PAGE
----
color introduction
whats color
color accuracy
color perception
color temperature
color models
icc workflow
color tools

Profiling a Scanner

Module Objective: At the completion of this module you will be able to calibrate (if possible) and profile a flatbed scanner utilizing given hardware and software tools.

You might wonder why you would need to or want to calibrate and profile your flatbed or film scanner? Most photographers that work with digital images, open and edit their images with Adobe Photoshop. In Photoshop the image can be corrected and adjusted to obtain optimum brightness, contrast, color balance, etc. so why bother calibrating and profiling your scanner?

The decision to color manage your scans is really a workflow issue. A properly calibrated and profiled scanner will save you time and effort. For example if you are scanning color positive images (slides) most likely your slides are already properly exposed and color balanced, if you simply want these images in digital form and do not need to adjust them in Photoshop then you would certainly want to color manage your scanner, this is assuming of course that your time is valuable! The thought process here is that your input (original) can and should closely match what you get out (output/scan). It is much better from a workflow and image quality stand point to obtain an optimally scanned image by utilizing a profile and ICC color workflow than it is to scan an image without a profile and make color and tonal adjustments in Photoshop after the fact. Why not get it right from the beginning?

Please note however that film negatives will benefit from calibrated but not profiled scanners. The color information in a negative is the reverse of what you want in a scan and it also contains an orange mask. You cannot make custom profiles for color negative films. You can however make use of color negative lookup tables. These negative lookup tables are similar to profiles in that they describe the color characteristics of a particular film emulsion, IE: Kodak Portra 400, Fuji Velvia, etc. and will help you obtain more accurate color from your color negative scans.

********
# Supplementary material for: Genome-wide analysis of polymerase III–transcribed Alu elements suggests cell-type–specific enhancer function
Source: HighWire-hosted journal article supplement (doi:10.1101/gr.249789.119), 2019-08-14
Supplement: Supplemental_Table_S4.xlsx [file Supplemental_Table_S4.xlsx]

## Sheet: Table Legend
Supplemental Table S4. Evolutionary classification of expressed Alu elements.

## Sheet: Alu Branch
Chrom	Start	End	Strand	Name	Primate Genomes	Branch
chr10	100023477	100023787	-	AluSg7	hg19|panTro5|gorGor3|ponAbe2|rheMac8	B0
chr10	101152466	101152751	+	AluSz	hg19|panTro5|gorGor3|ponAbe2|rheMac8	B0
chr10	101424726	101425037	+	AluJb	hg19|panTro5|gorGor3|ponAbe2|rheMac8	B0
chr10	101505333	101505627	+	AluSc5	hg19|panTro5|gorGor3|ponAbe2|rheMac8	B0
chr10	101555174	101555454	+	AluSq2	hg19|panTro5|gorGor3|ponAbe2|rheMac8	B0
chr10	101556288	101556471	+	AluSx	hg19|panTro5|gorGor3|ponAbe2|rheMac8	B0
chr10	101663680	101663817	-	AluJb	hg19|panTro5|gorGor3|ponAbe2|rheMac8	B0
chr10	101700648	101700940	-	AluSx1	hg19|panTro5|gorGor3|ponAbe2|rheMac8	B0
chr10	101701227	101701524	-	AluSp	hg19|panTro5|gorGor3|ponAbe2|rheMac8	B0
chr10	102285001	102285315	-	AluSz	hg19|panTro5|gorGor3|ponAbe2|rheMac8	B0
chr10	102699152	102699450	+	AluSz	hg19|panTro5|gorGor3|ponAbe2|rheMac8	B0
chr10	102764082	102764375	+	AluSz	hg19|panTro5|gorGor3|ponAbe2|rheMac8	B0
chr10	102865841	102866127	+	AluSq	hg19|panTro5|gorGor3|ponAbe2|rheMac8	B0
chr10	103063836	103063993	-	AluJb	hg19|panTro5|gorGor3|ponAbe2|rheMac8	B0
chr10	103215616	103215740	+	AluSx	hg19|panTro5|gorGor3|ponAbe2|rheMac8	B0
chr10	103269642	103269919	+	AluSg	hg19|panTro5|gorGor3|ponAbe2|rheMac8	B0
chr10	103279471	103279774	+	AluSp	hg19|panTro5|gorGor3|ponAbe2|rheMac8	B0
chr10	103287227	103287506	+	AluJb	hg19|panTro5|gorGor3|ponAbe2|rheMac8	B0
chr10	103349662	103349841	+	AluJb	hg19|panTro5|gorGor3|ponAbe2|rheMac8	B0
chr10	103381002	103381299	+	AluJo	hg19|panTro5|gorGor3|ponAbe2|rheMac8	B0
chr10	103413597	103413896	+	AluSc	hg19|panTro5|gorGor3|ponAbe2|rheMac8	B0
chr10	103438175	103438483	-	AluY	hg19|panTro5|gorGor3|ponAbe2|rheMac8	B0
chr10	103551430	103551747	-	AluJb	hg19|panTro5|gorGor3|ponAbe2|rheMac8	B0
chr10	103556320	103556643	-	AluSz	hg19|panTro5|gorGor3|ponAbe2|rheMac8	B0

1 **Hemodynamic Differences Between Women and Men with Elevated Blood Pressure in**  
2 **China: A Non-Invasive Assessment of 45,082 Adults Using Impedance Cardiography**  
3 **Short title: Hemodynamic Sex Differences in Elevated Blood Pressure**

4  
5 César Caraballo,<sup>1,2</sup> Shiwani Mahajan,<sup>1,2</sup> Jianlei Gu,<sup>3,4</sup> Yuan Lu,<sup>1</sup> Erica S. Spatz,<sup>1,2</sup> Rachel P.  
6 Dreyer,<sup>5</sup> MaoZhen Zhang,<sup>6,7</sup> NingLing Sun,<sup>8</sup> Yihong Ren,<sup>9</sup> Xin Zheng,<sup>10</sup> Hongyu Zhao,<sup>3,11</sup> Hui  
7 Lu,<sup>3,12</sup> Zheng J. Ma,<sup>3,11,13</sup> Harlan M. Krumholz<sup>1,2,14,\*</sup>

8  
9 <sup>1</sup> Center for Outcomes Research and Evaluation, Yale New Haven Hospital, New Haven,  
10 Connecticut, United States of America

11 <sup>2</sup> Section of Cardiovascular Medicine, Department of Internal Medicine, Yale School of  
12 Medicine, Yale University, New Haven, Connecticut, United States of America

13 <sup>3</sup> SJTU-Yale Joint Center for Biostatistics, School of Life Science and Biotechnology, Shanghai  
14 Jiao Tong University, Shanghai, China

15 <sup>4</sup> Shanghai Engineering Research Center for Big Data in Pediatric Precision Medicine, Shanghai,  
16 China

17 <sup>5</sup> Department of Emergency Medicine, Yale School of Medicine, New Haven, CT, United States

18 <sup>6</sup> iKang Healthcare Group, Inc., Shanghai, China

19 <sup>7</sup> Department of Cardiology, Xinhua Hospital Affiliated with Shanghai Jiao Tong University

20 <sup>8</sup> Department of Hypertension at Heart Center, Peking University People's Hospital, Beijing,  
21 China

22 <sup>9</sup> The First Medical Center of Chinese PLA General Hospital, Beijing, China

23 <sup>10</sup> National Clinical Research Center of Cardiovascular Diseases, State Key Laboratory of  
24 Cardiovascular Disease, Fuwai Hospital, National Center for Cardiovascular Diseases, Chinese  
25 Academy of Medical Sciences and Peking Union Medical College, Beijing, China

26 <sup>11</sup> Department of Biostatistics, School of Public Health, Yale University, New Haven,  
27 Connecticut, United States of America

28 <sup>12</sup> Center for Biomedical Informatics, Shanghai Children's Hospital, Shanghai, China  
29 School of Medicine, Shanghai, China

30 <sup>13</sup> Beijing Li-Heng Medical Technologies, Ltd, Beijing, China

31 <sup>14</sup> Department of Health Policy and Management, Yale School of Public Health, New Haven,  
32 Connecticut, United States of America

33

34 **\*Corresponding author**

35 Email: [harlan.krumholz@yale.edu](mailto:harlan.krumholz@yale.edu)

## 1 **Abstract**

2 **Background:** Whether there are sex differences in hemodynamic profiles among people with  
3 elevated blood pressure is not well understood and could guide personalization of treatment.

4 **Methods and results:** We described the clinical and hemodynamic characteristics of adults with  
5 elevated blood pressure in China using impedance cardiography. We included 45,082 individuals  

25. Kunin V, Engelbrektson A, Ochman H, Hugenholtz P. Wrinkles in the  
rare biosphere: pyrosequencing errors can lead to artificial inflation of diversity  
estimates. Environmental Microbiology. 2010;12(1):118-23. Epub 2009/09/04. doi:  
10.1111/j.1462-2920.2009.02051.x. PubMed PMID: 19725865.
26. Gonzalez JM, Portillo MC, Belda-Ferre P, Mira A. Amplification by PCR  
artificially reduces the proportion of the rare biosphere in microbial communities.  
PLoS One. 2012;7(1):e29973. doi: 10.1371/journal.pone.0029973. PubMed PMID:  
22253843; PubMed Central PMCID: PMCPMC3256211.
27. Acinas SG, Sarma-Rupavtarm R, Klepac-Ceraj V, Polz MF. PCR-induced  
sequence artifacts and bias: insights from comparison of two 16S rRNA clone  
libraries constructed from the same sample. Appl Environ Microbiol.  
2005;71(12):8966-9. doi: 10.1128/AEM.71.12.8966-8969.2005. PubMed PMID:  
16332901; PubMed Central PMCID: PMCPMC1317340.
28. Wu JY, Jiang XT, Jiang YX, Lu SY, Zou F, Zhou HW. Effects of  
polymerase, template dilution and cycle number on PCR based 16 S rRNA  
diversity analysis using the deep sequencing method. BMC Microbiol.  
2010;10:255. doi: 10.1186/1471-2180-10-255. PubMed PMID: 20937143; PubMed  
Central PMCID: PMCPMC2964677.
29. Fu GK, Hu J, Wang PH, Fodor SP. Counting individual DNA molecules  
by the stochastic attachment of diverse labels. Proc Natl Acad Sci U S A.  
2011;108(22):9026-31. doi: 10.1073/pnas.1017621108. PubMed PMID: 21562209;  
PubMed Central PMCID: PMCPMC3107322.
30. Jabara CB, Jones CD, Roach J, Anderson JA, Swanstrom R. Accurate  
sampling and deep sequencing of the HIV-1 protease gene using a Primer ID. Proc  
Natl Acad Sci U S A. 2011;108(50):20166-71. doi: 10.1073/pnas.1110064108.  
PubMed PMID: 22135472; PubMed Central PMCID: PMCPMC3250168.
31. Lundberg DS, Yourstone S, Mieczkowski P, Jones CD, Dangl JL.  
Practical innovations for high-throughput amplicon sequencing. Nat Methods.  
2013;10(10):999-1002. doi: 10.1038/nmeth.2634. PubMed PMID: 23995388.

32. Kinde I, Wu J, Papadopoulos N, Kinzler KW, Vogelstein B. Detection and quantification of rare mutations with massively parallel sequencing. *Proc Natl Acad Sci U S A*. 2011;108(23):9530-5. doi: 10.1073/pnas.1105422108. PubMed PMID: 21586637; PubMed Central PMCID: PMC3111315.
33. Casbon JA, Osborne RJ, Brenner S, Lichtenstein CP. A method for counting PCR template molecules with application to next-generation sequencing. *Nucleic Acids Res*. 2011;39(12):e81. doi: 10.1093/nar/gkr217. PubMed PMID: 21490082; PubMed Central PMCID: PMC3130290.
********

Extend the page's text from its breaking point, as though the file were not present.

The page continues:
Scanner Types:

There are quite a variety of scanners and scanner manufacturers in the market today. We are not going to discuss or go over all of the different options available but do want to discuss film vs. reflective calibration and profiling.

Calibration: Many scanners both flatbed and film come with a calibration target and software that will let you calibrate (bring to a known value) your scanner. Often times the industry refers to this as linearizing the device, which really is the same as calibrating it. If this option is available to you, then by all means do it. It is always a good idea to start from a known value or standard. Regular calibration will also enable you utilize the same scanner profile because you'll always have the ability to return the scanner to it's original state.

The targets used to calibrate and profile scanners are often times similar or the same. Some devices and or profiling software applications come with custom targets while others use popular targets made by Kodak, Agfa, Fuji and others.

The Kodak "IT8" target is a well known and often used target. The manufacturers of these targets also provide reference files (usually simple text files) that include the LAB values for each color patch. These values serve as a reference point for the color values attained when the target is scanned. A point of comparison if you will, that is used to create a calibrated state or generate a custom profile.













  • Apple G4 Computer
  • OS 10.2.6
  • GretagMacbeth Eye-One Spectrophotometer
  • Eye-One Match software
  • Epson 1680 Scanner

Step 1: Make sure the scanner has been on for at least 15-30 minutes so that the lamp has stabilized before scanning.

Step 2: Calibrate your scanner if possible, this will be a built in routine and the software will generally walk you through the process. The scanner we are demonstrating here does not have a calibration routine.